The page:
Well, it's been a few days since my initial open letter to Matt Drake concerning his departure from Christianity. I was surprised by the number of views that the post received and I was pleased with the generally positive feedback. I'm still not completely clear on whether or not Matt himself has read it. He mentioned on his Facebook wall that he was aware of it, but in his follow up post today he simply referred to the massive amount of responses he's received.
What I didn't express in my open letter, that perhaps I should have, was that Matt is an incredibly skilled writer. He has a great deal of poetic talent when it comes to communicating the deeper emotions of his heart. I'm more of a doctrine-head myself. I think in cubes and compartments and do my best to lay things out clearly and factually when something is weighing on my heart.
This was the heart that my open letter came from. It's where this follow up comes from too. This second (and hopefully final) post isn't so much for Matt (though he can read it if he likes) as it is for those who have faithfully read him and have considered taking his words seriously.
I have one simple plea to those of you who aren't sure what to do with his writing... THINK.
Thinking clearly and carefully is not a sin. God made you body mind and spirit and expects you to use each of them. Just because a writer uses poetic words that raise the emotion and don't necessarily communicate a systematic theology, it doesn't mean that his intentions are not to communicate a very strong message.
Anyone who wishes to be honest with Drake's writing will find that he has communicated a few very clear beliefs:
1. He does not believe that Christ would have us focus on his divinity.
2. He does not believe that scripture should be read as a fully inspired and inerrant book.
3. He believes that Jesus Christ himself is the one who has lead him away from the historical Christian Faith.
4. He claims that his true desire is to follow this Jesus.
I did my best from my heart to address all of these areas in my first post and Matt has not answered a single one of my objections. I may as well write the same blog post again. He has not addressed the words of Christ that I put forward... words that fully contradicted the Christ he claims to follow.
Even if we begin with the premise that scripture is not fully inspired or inerrant, Matt must be getting his Jesus from somewhere. If Matt's Jesus is not from the writings of the Apostles he distrusts, then this Jesus comes from Matt's own mind and heart. This is the problem. For all of Matt's talk about rejecting the dogmatic teachings of human beings, all he has to offer are his own subjective inclinations. He has attempted to stand in some nebulous middle space where he can both reject the scriptures' account of Christ and hold on to some remnant of Christ at the same time.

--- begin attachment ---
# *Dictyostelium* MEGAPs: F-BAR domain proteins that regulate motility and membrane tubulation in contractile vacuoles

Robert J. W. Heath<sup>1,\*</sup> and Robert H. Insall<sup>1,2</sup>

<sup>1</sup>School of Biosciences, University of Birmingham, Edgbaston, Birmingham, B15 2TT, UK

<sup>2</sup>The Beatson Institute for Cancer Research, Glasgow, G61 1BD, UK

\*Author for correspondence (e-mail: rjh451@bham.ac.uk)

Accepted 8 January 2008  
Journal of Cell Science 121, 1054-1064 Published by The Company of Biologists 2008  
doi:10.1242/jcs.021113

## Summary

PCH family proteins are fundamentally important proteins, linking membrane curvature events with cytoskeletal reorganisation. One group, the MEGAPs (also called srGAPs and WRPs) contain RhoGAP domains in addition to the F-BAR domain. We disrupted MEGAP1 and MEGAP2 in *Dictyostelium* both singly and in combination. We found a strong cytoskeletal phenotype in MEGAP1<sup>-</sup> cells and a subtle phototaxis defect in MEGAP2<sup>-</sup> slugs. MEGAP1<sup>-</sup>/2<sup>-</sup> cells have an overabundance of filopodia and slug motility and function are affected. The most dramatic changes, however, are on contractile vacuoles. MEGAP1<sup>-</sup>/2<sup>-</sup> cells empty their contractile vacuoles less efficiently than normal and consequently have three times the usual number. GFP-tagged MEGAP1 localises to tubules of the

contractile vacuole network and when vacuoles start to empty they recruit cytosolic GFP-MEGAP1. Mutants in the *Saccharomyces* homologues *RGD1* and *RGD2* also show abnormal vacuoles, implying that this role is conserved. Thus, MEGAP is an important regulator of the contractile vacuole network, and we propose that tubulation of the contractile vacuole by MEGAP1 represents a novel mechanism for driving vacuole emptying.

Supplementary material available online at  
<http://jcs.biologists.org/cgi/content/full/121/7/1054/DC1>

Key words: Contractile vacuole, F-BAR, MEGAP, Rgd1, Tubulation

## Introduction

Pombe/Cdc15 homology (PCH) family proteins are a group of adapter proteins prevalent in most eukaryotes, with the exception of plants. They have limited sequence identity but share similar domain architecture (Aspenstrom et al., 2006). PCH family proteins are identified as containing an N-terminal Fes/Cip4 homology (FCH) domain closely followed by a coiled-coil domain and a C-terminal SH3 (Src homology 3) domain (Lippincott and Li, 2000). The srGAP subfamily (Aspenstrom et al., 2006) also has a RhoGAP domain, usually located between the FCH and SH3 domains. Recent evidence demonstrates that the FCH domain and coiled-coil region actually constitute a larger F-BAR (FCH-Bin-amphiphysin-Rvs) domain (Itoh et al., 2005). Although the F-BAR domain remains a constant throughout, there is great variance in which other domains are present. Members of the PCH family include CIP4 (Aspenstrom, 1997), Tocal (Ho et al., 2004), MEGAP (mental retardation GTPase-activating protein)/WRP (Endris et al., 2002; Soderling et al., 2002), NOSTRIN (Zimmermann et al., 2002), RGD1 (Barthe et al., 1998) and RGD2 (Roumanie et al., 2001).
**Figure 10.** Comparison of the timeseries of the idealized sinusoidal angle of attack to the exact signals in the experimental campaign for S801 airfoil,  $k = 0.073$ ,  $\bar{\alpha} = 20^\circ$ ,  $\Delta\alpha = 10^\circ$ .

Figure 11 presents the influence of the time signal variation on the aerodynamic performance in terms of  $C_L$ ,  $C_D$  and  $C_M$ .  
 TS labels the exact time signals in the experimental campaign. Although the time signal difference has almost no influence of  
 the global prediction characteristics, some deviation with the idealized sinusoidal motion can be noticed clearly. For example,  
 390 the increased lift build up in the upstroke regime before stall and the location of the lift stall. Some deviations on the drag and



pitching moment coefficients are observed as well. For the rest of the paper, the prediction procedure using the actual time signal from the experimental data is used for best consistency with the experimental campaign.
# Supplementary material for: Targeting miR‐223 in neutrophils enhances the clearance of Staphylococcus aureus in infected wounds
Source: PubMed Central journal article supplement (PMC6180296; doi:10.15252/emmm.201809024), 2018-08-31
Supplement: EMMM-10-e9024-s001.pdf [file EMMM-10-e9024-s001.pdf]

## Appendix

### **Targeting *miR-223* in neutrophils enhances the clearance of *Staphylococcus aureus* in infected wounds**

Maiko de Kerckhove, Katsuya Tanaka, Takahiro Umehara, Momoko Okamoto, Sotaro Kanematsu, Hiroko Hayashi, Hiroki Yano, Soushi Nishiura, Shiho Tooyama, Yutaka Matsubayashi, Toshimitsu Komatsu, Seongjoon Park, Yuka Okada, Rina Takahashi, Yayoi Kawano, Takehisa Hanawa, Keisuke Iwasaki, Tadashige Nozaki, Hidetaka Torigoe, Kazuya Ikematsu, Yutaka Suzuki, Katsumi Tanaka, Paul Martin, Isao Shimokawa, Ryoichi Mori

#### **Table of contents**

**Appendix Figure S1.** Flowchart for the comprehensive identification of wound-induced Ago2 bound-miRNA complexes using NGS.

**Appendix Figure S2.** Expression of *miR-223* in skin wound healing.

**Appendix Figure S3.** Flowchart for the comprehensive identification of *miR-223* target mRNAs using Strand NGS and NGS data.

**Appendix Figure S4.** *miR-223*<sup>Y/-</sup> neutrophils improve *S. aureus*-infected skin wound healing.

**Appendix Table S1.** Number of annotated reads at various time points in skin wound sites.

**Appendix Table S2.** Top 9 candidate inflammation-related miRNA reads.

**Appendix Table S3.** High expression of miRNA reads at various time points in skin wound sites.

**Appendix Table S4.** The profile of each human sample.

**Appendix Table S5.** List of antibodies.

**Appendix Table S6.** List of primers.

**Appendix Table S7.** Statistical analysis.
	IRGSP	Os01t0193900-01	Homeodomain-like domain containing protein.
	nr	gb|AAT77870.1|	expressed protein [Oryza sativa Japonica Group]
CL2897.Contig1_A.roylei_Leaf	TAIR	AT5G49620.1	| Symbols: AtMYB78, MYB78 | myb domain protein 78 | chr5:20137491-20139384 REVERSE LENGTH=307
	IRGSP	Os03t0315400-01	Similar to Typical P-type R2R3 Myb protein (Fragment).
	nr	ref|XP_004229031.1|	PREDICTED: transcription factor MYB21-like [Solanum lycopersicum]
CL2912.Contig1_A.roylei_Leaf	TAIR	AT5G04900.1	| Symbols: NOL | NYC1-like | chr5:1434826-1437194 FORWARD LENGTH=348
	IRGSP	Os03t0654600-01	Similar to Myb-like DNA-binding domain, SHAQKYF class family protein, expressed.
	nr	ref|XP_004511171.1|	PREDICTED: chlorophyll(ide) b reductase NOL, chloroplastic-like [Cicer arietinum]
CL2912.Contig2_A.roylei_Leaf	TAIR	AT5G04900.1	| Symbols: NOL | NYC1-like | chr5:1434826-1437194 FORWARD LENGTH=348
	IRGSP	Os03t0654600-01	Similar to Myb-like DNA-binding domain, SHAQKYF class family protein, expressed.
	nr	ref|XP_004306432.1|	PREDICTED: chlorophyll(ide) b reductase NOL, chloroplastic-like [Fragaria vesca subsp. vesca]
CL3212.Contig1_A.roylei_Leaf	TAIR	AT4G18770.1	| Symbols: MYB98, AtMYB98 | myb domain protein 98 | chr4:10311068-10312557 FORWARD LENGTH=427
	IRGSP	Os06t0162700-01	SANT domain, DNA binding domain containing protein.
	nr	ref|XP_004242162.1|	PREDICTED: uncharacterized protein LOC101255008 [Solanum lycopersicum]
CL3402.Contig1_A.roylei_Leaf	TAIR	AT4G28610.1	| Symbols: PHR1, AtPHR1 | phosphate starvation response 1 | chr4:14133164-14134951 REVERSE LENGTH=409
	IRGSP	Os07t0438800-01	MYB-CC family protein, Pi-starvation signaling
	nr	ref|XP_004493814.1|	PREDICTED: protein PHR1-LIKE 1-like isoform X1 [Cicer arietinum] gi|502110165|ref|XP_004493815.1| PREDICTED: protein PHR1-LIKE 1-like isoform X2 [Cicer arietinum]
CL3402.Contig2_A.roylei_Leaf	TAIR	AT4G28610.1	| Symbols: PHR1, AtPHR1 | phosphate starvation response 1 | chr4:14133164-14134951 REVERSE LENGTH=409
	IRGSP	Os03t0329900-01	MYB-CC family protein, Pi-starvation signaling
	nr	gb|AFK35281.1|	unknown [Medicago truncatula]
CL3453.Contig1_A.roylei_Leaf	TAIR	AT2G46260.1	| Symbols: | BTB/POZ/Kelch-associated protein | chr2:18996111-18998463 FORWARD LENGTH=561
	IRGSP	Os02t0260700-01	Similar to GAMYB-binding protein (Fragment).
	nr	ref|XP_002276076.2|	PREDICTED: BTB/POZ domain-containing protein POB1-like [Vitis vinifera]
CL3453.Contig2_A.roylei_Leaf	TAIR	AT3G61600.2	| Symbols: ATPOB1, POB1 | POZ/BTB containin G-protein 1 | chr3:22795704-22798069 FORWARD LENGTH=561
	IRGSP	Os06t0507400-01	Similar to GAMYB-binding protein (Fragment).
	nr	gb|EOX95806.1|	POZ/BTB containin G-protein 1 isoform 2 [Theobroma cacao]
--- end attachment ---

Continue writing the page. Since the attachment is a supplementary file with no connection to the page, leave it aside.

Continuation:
Call me dogmatic. Call me a doctrine-head, but at least I can point you to where I'm getting my ideas from.
To sum up, I hope some of you will do your best to maintain some sanity in the midst of all this controversy. One thing that is incredibly clear to me is that Matt has not revealed himself to be an honest seeker, in spite of his poetic claims to the contrary. In fact, I find him to be one of the most poetically dogmatic writers I've read in years. It doesn't matter how many "I could be wrong about all of this" caveats he throws in to help his statements go down easier.
The best way I've heard this methodology described is "hitting someone in the head with a velvet hammer." Doubting the claims you make and expressing this doubt as you make them has somehow become a way of establishing authority these days. I saw this way of writing utilized beautifully by Brian McLaren and Rob Bell only a few years ago. I didn't buy it then, and I don't buy it now.
The only thing that I cannot refute is that Matt has been wounded. This pain is the only thing I can say he's truly honest about. That being said, why should that cause me to listen to him? I've seen church leaders I greatly respect describe incredible struggle, sin, and hurt in their past. Yet they do so in a way that, in the end, shows the truth of the Christian faith. I have great pain and sin in my own past. Why should this cause me to trust Matt's words more?
What I've tried to show is that Matt has displayed incredible deceit concerning Church history and the content of scripture (whether inspired and inerrant or not), so why should I trust his interpretation of his own pain?
Think... That's all I ask.